Conflict of interest: None declared.
Utilising infant growth to predict obesity status at 5 years
Version of Record online: 16 JUN 2013
© 2013 The Authors. Journal of Paediatrics and Child Health © 2013 Paediatrics and Child Health Division (Royal Australasian College of Physicians)
Journal of Paediatrics and Child Health
Volume 49, Issue 7, pages 564–574, July 2013
How to Cite
Gittner, L. S., Ludington-Hoe, S. M. and Haller, H. S. (2013), Utilising infant growth to predict obesity status at 5 years. Journal of Paediatrics and Child Health, 49: 564–574. doi: 10.1111/jpc.12283
- Issue online: 11 JUL 2013
- Version of Record online: 16 JUN 2013
- Manuscript Accepted: 17 MAR 2013
- body mass index;
- infant growth;
- paediatric obesity
This study determines if an early life growth pattern in healthy infants can predict obesity at age 5.
Randomly selected from all healthy children born from 1997 to 2001 in a Midwestern US Health Maintenance Organization; growth patterns from birth to 5 years were described for children who were categorised by obesity classification at 5 years into normal weight (n = 61), overweight (n = 47), obese (n = 41) and morbidly obese (n = 72) cohorts using World Health Organization body mass index (BMI) criteria. A retrospective longitudinal analysis based on weighted least squares was performed on BMI by age (1 week; 2, 4, 6, 9, 12, 15 and 18 months; and 2, 3, 4 and 5 years). Graphs of the longitudinal repeated measures analysis of variance of means allowed identification of the earliest significant divergence of a cohort's average BMI pattern from other cohorts' patterns.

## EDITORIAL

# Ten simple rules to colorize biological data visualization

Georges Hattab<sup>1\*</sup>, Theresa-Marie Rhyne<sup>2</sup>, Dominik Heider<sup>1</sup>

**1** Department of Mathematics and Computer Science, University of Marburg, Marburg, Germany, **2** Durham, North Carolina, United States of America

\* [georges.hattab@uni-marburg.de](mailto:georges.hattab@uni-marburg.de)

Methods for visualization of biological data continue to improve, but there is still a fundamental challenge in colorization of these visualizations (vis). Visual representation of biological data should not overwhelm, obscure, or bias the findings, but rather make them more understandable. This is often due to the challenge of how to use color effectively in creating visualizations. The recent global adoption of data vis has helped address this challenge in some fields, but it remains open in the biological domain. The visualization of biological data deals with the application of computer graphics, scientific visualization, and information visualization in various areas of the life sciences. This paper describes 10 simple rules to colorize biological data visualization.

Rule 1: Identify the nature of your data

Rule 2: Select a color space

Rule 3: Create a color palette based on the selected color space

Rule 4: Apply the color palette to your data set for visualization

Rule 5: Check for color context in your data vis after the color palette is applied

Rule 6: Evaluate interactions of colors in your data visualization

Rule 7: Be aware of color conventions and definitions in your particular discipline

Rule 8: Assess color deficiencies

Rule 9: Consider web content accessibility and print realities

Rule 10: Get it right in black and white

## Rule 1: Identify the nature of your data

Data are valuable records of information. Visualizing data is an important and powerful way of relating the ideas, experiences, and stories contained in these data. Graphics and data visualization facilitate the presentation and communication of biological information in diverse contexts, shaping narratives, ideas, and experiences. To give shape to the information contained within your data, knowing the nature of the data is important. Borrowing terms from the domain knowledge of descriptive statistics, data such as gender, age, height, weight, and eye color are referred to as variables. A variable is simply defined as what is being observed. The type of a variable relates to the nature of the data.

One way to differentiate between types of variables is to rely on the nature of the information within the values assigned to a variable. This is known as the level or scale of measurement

Distinctions in growth patterns and BMIs were evident before 1-year post-birth. Children who were obese or morbidly obese at 5 years demonstrated a BMI pattern that differed from children who were normal weight at 5 years.
Identifying obesity development in early life may assist with prevention of later obesity. The results merit future study. An early life BMI growth pattern is clinically important because it permits discrimination of those who do and do not fit a normal weight pattern, guiding individualised interventions in the first year of life while precursors of later health are still forming.